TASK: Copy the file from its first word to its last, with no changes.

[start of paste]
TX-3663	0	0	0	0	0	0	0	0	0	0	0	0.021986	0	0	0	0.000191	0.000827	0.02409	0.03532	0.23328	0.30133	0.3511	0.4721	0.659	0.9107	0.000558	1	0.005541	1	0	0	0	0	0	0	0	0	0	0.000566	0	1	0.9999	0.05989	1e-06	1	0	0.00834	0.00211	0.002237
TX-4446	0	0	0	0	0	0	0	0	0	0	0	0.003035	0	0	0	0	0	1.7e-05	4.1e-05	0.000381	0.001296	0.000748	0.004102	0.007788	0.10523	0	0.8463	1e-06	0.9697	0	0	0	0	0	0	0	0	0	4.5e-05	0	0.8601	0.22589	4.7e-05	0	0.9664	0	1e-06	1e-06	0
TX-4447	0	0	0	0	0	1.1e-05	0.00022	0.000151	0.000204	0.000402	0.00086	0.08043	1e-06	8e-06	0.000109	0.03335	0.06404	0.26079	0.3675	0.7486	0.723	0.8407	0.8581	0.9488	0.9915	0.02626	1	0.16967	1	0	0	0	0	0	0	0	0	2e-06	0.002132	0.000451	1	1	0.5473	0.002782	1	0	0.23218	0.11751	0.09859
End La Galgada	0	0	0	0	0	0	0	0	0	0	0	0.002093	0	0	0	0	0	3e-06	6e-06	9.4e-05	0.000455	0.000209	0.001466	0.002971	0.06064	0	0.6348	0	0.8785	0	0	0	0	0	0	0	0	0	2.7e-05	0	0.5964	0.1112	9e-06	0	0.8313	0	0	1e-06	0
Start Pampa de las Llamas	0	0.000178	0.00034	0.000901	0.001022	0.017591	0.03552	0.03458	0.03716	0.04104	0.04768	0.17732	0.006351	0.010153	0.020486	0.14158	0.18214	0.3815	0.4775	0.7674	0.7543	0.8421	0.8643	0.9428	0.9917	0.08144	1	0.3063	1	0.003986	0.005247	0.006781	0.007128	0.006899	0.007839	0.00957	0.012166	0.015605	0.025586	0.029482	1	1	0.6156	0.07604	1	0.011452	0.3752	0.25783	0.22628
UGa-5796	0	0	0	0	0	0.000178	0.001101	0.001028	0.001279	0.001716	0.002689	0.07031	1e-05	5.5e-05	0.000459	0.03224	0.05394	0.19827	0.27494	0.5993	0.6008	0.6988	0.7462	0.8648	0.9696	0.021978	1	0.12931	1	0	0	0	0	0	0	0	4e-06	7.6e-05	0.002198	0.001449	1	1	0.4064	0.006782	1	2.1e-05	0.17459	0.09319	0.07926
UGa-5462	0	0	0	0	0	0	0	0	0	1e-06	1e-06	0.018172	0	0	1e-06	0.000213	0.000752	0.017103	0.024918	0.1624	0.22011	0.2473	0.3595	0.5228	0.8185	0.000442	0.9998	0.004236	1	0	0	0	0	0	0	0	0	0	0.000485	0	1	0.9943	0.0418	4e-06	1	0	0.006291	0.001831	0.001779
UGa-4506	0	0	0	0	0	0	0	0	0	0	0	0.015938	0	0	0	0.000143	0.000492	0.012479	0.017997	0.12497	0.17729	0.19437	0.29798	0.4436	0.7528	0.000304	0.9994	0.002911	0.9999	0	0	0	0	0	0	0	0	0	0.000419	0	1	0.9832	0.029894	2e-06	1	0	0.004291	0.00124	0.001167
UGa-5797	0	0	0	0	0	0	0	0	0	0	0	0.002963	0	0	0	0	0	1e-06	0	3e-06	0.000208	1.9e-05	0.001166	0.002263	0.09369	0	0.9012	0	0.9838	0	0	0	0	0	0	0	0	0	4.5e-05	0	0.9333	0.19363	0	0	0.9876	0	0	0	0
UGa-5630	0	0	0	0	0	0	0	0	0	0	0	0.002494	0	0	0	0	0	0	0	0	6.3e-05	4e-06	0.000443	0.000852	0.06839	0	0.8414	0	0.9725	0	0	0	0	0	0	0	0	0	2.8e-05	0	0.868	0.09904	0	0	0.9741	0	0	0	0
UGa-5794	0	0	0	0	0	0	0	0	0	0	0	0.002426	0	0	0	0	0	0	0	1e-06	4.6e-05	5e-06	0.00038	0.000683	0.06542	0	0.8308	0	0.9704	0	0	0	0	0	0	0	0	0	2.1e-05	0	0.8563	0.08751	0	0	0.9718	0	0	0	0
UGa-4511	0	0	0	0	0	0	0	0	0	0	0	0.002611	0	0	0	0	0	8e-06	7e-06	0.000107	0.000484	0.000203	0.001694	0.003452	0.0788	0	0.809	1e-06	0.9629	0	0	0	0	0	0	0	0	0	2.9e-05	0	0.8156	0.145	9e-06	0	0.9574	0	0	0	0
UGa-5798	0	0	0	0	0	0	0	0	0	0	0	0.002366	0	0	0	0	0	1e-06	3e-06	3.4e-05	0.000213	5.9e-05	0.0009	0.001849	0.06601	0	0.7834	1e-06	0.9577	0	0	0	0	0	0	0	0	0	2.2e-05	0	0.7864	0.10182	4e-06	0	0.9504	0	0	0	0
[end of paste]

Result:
TX-3663	0	0	0	0	0	0	0	0	0	0	0	0.021986	0	0	0	0.000191	0.000827	0.02409	0.03532	0.23328	0.30133	0.3511	0.4721	0.659	0.9107	0.000558	1	0.005541	1	0	0	0	0	0	0	0	0	0	0.000566	0	1	0.9999	0.05989	1e-06	1	0	0.00834	0.00211	0.002237
TX-4446	0	0	0	0	0	0	0	0	0	0	0	0.003035	0	0	0	0	0	1.7e-05	4.1e-05	0.000381	0.001296	0.000748	0.004102	0.007788	0.10523	0	0.8463	1e-06	0.9697	0	0	0	0	0	0	0	0	0	4.5e-05	0	0.8601	0.22589	4.7e-05	0	0.9664	0	1e-06	1e-06	0
TX-4447	0	0	0	0	0	1.1e-05	0.00022	0.000151	0.000204	0.000402	0.00086	0.08043	1e-06	8e-06	0.000109	0.03335	0.06404	0.26079	0.3675	0.7486	0.723	0.8407	0.8581	0.9488	0.9915	0.02626	1	0.16967	1	0	0	0	0	0	0	0	0	2e-06	0.002132	0.000451	1	1	0.5473	0.002782	1	0	0.23218	0.11751	0.09859
End La Galgada	0	0	0	0	0	0	0	0	0	0	0	0.002093	0	0	0	0	0	3e-06	6e-06	9.4e-05	0.000455	0.000209	0.001466	0.002971	0.06064	0	0.6348	0	0.8785	0	0	0	0	0	0	0	0	0	2.7e-05	0	0.5964	0.1112	9e-06	0	0.8313	0	0	1e-06	0
Start Pampa de las Llamas	0	0.000178	0.00034	0.000901	0.001022	0.017591	0.03552	0.03458	0.03716	0.04104	0.04768	0.17732	0.006351	0.010153	0.020486	0.14158	0.18214	0.3815	0.4775	0.7674	0.7543	0.8421	0.8643	0.9428	0.9917	0.08144	1	0.3063	1	0.003986	0.005247	0.006781	0.007128	0.006899	0.007839	0.00957	0.012166	0.015605	0.025586	0.029482	1	1	0.6156	0.07604	1	0.011452	0.3752	0.25783	0.22628
UGa-5796	0	0	0	0	0	0.000178	0.001101	0.001028	0.001279	0.001716	0.002689	0.07031	1e-05	5.5e-05	0.000459	0.03224	0.05394	0.19827	0.27494	0.5993	0.6008	0.6988	0.7462	0.8648	0.9696	0.021978	1	0.12931	1	0	0	0	0	0	0	0	4e-06	7.6e-05	0.002198	0.001449	1	1	0.4064	0.006782	1	2.1e-05	0.17459	0.09319	0.07926
UGa-5462	0	0	0	0	0	0	0	0	0	1e-06	1e-06	0.018172	0	0	1e-06	0.000213	0.000752	0.017103	0.024918	0.1624	0.22011	0.2473	0.3595	0.5228	0.8185	0.000442	0.9998	0.004236	1	0	0	0	0	0	0	0	0	0	0.000485	0	1	0.9943	0.0418	4e-06	1	0	0.006291	0.001831	0.001779
UGa-4506	0	0	0	0	0	0	0	0	0	0	0	0.015938	0	0	0	0.000143	0.000492	0.012479	0.017997	0.12497	0.17729	0.19437	0.29798	0.4436	0.7528	0.000304	0.9994	0.002911	0.9999	0	0	0	0	0	0	0	0	0	0.000419	0	1	0.9832	0.029894	2e-06	1	0	0.004291	0.00124	0.001167
UGa-5797	0	0	0	0	0	0	0	0	0	0	0	0.002963	0	0	0	0	0	1e-06	0	3e-06	0.000208	1.9e-05	0.001166	0.002263	0.09369	0	0.9012	0	0.9838	0	0	0	0	0	0	0	0	0	4.5e-05	0	0.9333	0.19363	0	0	0.9876	0	0	0	0
UGa-5630	0	0	0	0	0	0	0	0	0	0	0	0.002494	0	0	0	0	0	0	0	0	6.3e-05	4e-06	0.000443	0.000852	0.06839	0	0.8414	0	0.9725	0	0	0	0	0	0	0	0	0	2.8e-05	0	0.868	0.09904	0	0	0.9741	0	0	0	0
UGa-5794	0	0	0	0	0	0	0	0	0	0	0	0.002426	0	0	0	0	0	0	0	1e-06	4.6e-05	5e-06	0.00038	0.000683	0.06542	0	0.8308	0	0.9704	0	0	0	0	0	0	0	0	0	2.1e-05	0	0.8563	0.08751	0	0	0.9718	0	0	0	0
UGa-4511	0	0	0	0	0	0	0	0	0	0	0	0.002611	0	0	0	0	0	8e-06	7e-06	0.000107	0.000484	0.000203	0.001694	0.003452	0.0788	0	0.809	1e-06	0.9629	0	0	0	0	0	0	0	0	0	2.9e-05	0	0.8156	0.145	9e-06	0	0.9574	0	0	0	0
UGa-5798	0	0	0	0	0	0	0	0	0	0	0	0.002366	0	0	0	0	0	1e-06	3e-06	3.4e-05	0.000213	5.9e-05	0.0009	0.001849	0.06601	0	0.7834	1e-06	0.9577	0	0	0	0	0	0	0	0	0	2.2e-05	0	0.7864	0.10182	4e-06	0	0.9504	0	0	0	0